If you're looking for a career in leisure, sport, travel or tourism the sector has plenty to offer ambitious graduates. You could work in an entertainment complex, tourist information centre, gym or travel agency. Discover more about your options

What areas of leisure, sport and tourism can I work in?

Opportunities can be categorised into:

  • Leisure - betting and gambling (e.g. casinos and horseracing), culture and heritage (e.g. museums, galleries and heritage sites) and leisure and entertainment (e.g. cinemas, bowling alleys, arcades, holiday/summer camps and theme parks).
  • Sport - coaching and performance analysis, facilities management, outdoor activities, sport and leisure centre management, sports development, sports event management and disability sport.
  • Tourism - passenger services (e.g. air, sea, rail and road) and travel and tourism (e.g. hotels, travel agencies, tour operators, tourist information centres, attractions and adventure tourism).

You can work in a range of environments, in both head office and front-of-house roles. If you have great people and customer service skills, play to your strengths in a hands-on, customer-facing role. If you'd prefer to work behind the scenes, graduates are needed in a variety of head-office functions including administration, finance, IT, marketing, HR and sales. If you're up to the challenge of combining the two then general management jobs are widely available.

When researching careers you'll likely see some crossover with other sectors. For example, with healthcare (sports physiotherapy), hospitality and events management (hotel careers), media and internet (sport or travel journalism), teacher training and education (PE teaching) and transport and logistics (jobs in passenger services).

For examples of job roles in this sector, see graduate jobs in leisure, sport and tourism.

Who are the main graduate employers?

Examples of large companies operating in this sector include:

  • Bannatyne Group
  • Better
  • British Airways
  • British Horseracing Authority (BHA)
  • Camp America
  • Carnival UK
  • Center Parcs
  • David Lloyd Leisure
  • Expedia
  • Fitness First
  • Flight Centre UK
  • Hilton Worldwide
  • InterContinental Hotels Group
  • Marriott International
  • Merlin Entertainments
  • Odeon Cinemas
  • Parkwood Leisure
  • P&O Cruises
  • Serco Leisure
  • Thomas Cook
  • TUI
  • UK Sport.

The majority of employers in this sector are small and medium-sized enterprises (SMEs). Employment opportunities are also available in local authorities, sports associations and national governing bodies.

What's it like working in the leisure, sport and tourism industry?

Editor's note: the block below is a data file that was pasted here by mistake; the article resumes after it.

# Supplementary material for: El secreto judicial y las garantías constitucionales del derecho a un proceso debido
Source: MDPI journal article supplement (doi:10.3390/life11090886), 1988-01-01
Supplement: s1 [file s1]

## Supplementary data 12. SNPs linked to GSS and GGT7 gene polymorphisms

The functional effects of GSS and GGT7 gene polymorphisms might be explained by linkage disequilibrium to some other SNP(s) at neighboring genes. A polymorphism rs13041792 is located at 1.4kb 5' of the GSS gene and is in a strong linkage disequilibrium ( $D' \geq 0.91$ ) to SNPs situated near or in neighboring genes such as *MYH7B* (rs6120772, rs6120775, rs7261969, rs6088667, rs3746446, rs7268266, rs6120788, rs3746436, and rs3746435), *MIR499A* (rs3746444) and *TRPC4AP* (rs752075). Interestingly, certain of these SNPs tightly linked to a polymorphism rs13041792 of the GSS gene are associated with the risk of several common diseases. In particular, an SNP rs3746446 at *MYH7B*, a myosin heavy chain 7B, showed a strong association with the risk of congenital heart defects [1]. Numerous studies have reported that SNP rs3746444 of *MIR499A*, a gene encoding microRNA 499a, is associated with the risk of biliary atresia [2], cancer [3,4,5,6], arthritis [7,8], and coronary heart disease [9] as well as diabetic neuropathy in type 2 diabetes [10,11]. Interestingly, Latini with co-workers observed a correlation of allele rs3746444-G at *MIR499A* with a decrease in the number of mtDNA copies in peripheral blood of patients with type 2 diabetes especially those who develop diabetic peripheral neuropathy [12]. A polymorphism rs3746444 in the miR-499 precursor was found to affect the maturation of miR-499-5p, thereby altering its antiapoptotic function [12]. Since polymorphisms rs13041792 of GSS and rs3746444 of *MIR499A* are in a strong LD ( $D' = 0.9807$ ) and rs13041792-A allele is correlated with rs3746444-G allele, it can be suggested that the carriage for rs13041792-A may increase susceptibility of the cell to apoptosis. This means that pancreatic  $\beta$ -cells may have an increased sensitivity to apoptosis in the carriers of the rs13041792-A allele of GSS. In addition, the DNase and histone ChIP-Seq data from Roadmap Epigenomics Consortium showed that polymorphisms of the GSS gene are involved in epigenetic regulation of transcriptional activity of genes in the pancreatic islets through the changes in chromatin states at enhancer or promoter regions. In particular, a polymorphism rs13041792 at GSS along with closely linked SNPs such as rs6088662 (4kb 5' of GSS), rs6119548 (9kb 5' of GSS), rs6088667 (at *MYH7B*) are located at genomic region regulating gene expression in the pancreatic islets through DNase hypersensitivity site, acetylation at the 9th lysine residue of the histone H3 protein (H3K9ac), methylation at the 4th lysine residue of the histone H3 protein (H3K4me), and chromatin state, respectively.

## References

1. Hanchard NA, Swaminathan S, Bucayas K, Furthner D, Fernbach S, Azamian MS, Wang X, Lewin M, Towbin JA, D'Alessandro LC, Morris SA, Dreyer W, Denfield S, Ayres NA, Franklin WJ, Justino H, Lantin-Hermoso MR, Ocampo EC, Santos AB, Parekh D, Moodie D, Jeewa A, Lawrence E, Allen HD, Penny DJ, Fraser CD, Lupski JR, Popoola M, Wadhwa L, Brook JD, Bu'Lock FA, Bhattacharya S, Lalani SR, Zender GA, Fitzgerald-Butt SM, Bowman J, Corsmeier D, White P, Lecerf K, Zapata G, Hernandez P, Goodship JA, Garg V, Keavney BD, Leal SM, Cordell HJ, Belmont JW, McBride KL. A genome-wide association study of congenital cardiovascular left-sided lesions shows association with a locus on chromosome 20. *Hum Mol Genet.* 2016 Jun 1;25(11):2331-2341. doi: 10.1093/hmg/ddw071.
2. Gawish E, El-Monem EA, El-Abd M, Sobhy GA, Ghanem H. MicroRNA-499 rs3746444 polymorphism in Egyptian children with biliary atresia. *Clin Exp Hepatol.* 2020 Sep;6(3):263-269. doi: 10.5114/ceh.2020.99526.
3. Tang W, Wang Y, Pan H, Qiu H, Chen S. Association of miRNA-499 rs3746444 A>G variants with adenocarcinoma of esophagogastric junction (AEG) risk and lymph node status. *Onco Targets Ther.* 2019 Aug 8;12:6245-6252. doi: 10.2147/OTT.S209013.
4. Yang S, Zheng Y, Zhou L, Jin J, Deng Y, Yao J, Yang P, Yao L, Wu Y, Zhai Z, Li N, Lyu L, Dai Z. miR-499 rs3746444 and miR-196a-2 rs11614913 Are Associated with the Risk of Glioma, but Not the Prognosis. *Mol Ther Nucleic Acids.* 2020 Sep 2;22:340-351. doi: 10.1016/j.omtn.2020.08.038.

If you think that a career in leisure and tourism is an easy way to have fun while being paid, or that working in sports means coaching a premier league football team you should think again.

Far from being an easy option, careers in the leisure, sport and tourism sector require hard work, dedication and a genuine passion for what you do.

Graduates entering the sector can expect:

  • Long or unsocial working hours - many jobs in this sector require you to work early mornings, evenings, weekends and bank holidays.
  • A relatively low salary - this is particularly true in travel and tourism. However, salaries in sport and leisure vary depending on the size and location of companies, and whether the organisation is local authority or privately-owned.
  • Job satisfaction - helping people to enjoy their free time, reach their fitness potential and travel the world can be incredibly rewarding.
  • Flexibility - employees are often hired on seasonal contracts. Opportunities for part-time work and career breaks are available.
  • A high level of responsibility - within leisure and tourism you'll be responsible for ensuring that customers get their money's worth. Working in sport you'll often be responsible for a person's physical wellbeing. Progression in the sector can be fairly quick.
  • Opportunities to travel - local and international travel is usually a feature of many jobs within the leisure, sport and tourism industries.

To find out more about typical salaries and working conditions in your chosen career, see job profiles.

Do I need a degree?

This depends on the job you'd like to do. Many careers in the leisure, sport and tourism industries don't require degree-level qualifications. A number of people, especially those working in travel and tourism, have climbed the career ladder with a combination of lower-level qualifications and relevant work experience.

However, an increasing number of entrants to the sector now have a degree and if you'd like to start your career on a graduate scheme (typically offered by larger organisations) an undergraduate or Masters qualification is essential.

Most companies in the sector recruit graduates of any degree subject. Often your interest in a specific sport or leisure activity is just as important as your degree discipline. Generally a degree in business, facilities management, travel and tourism management, hospitality management, languages or a sports-related subject will be particularly useful.